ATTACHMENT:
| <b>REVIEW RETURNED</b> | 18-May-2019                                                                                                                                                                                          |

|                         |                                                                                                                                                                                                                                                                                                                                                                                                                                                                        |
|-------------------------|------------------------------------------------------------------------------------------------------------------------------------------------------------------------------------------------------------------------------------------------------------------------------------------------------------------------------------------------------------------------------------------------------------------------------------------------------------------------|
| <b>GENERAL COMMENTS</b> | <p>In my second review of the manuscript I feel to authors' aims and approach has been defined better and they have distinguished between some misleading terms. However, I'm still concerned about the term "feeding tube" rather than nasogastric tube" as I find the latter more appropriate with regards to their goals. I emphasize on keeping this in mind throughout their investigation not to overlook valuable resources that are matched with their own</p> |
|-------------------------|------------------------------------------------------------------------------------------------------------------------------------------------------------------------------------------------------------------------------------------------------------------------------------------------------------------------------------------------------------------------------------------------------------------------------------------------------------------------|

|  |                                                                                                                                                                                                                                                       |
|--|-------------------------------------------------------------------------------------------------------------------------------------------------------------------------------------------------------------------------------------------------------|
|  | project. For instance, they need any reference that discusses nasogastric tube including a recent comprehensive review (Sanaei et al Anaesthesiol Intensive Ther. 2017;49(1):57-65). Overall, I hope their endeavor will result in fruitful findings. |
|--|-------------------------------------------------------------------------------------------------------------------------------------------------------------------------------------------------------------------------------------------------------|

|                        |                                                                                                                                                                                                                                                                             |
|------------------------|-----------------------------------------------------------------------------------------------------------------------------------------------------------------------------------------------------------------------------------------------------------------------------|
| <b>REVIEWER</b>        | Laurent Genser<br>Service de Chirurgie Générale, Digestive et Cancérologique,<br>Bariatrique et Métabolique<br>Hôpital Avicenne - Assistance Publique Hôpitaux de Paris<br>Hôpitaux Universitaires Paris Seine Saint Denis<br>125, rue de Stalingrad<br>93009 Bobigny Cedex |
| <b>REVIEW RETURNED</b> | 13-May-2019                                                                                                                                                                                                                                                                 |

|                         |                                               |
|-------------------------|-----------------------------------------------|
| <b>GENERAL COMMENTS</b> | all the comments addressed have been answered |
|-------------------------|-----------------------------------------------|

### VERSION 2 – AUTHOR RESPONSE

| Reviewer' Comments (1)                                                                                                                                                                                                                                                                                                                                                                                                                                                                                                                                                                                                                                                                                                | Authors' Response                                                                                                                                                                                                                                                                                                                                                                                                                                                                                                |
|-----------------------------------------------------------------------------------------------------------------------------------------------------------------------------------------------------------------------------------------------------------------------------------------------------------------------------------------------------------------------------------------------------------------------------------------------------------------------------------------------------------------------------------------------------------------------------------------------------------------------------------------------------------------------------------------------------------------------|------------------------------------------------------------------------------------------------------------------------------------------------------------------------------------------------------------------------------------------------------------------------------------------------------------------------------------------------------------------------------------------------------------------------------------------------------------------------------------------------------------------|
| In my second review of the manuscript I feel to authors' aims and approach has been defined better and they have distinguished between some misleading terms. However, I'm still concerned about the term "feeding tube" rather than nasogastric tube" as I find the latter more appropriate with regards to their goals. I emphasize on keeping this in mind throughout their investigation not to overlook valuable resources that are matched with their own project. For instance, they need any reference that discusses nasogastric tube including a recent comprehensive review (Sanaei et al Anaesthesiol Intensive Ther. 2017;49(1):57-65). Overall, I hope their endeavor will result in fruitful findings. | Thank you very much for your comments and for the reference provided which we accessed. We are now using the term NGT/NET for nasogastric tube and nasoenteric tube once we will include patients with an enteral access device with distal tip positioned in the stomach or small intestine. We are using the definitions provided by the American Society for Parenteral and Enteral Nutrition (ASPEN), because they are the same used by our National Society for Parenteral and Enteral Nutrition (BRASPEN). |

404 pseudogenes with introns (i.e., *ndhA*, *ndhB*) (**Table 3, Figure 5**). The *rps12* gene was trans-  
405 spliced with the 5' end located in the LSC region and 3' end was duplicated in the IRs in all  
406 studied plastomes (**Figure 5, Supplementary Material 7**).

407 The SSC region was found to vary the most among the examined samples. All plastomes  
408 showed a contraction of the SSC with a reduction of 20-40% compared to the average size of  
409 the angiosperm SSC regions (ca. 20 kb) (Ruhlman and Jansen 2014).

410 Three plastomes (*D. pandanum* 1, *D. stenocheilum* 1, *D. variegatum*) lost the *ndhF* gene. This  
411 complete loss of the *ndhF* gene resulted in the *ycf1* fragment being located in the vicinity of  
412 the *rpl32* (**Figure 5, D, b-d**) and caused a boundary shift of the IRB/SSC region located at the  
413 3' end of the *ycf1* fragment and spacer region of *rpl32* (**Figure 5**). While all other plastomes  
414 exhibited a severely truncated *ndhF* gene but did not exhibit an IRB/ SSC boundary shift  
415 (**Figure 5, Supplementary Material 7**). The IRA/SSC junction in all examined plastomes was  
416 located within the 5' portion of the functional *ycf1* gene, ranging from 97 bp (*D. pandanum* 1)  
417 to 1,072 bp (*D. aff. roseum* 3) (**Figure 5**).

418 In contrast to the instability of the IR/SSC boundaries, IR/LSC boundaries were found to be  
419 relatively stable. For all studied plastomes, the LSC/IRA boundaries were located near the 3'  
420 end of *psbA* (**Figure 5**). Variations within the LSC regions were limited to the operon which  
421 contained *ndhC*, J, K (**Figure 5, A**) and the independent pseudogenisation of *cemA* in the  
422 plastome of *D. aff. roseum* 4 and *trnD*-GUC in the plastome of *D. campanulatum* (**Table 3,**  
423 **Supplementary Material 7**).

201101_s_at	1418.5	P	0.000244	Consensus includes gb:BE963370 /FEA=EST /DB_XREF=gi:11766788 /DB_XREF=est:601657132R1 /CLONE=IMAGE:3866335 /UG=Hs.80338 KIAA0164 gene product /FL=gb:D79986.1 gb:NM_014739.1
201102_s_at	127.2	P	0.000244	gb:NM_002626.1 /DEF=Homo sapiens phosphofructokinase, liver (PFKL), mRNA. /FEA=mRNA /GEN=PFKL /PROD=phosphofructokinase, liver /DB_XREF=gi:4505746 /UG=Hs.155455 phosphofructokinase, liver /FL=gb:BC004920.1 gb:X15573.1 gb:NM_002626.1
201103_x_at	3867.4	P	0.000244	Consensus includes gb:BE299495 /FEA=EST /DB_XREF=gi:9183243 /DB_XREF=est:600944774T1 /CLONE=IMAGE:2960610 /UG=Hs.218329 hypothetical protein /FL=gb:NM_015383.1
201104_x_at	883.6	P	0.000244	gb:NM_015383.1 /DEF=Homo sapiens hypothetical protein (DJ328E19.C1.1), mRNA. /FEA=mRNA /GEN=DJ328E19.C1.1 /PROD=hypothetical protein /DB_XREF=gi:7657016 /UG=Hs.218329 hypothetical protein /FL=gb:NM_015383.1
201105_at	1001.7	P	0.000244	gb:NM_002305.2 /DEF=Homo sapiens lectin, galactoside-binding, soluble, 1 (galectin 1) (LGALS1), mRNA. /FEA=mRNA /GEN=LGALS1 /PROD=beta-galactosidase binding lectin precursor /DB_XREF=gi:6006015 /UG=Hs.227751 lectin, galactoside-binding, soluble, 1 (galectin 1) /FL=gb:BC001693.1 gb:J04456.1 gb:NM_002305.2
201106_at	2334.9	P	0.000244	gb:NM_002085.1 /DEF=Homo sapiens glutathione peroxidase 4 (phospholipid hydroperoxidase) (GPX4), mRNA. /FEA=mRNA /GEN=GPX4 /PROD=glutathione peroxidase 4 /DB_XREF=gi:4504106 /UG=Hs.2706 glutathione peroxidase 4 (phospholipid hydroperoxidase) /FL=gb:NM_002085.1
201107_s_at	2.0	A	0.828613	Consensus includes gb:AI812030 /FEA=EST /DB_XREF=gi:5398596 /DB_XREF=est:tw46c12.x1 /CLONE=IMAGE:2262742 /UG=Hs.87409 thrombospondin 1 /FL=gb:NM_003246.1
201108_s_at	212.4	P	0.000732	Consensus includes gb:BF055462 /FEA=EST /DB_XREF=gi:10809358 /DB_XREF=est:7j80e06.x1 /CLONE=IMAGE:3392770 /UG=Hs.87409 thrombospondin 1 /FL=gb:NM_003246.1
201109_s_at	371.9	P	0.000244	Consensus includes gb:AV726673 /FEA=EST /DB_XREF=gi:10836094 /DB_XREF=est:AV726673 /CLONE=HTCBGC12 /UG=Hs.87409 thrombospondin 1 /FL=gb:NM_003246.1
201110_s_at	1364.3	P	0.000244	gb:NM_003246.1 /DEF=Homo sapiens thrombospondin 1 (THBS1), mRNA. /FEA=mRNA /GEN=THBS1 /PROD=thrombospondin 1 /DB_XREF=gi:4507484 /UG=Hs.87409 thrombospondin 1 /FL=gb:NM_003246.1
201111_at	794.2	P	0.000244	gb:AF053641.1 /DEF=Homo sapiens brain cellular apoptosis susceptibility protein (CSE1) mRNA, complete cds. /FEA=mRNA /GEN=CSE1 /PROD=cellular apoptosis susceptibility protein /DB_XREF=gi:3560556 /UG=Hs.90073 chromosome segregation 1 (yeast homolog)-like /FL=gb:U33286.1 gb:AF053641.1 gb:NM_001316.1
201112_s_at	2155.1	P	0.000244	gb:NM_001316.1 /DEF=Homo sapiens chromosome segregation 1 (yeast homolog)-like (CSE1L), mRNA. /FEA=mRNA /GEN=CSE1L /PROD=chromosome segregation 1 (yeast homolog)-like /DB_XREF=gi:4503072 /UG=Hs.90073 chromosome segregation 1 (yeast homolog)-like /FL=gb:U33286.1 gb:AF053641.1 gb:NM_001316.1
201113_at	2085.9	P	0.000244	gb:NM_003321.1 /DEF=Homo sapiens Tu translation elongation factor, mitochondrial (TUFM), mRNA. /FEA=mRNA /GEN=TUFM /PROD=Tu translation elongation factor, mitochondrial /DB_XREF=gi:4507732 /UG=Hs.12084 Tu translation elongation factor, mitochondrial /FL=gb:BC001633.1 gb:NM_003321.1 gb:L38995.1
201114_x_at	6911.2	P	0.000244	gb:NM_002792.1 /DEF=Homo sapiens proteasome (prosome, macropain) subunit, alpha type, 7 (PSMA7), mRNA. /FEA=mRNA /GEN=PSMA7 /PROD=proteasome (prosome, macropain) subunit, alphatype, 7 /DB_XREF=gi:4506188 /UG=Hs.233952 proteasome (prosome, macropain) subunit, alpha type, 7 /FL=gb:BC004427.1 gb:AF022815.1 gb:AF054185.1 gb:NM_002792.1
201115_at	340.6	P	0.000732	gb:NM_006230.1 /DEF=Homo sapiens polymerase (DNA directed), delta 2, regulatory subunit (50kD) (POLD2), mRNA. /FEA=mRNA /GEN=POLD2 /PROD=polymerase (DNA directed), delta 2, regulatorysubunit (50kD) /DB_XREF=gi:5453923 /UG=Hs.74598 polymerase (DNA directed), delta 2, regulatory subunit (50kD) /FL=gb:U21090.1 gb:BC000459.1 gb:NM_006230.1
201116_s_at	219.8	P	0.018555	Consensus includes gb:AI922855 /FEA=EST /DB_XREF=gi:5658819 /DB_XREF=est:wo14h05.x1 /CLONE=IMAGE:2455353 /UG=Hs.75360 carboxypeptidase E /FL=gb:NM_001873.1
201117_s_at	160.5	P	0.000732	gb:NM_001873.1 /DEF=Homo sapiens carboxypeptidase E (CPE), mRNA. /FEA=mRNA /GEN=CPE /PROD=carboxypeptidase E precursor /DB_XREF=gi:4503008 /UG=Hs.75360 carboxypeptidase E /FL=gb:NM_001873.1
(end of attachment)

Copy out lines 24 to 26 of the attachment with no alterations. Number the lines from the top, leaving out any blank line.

406 studied plastomes (**Figure 5, Supplementary Material 7**).

407 The SSC region was found to vary the most among the examined samples. All plastomes  
408 showed a contraction of the SSC with a reduction of 20-40% compared to the average size of  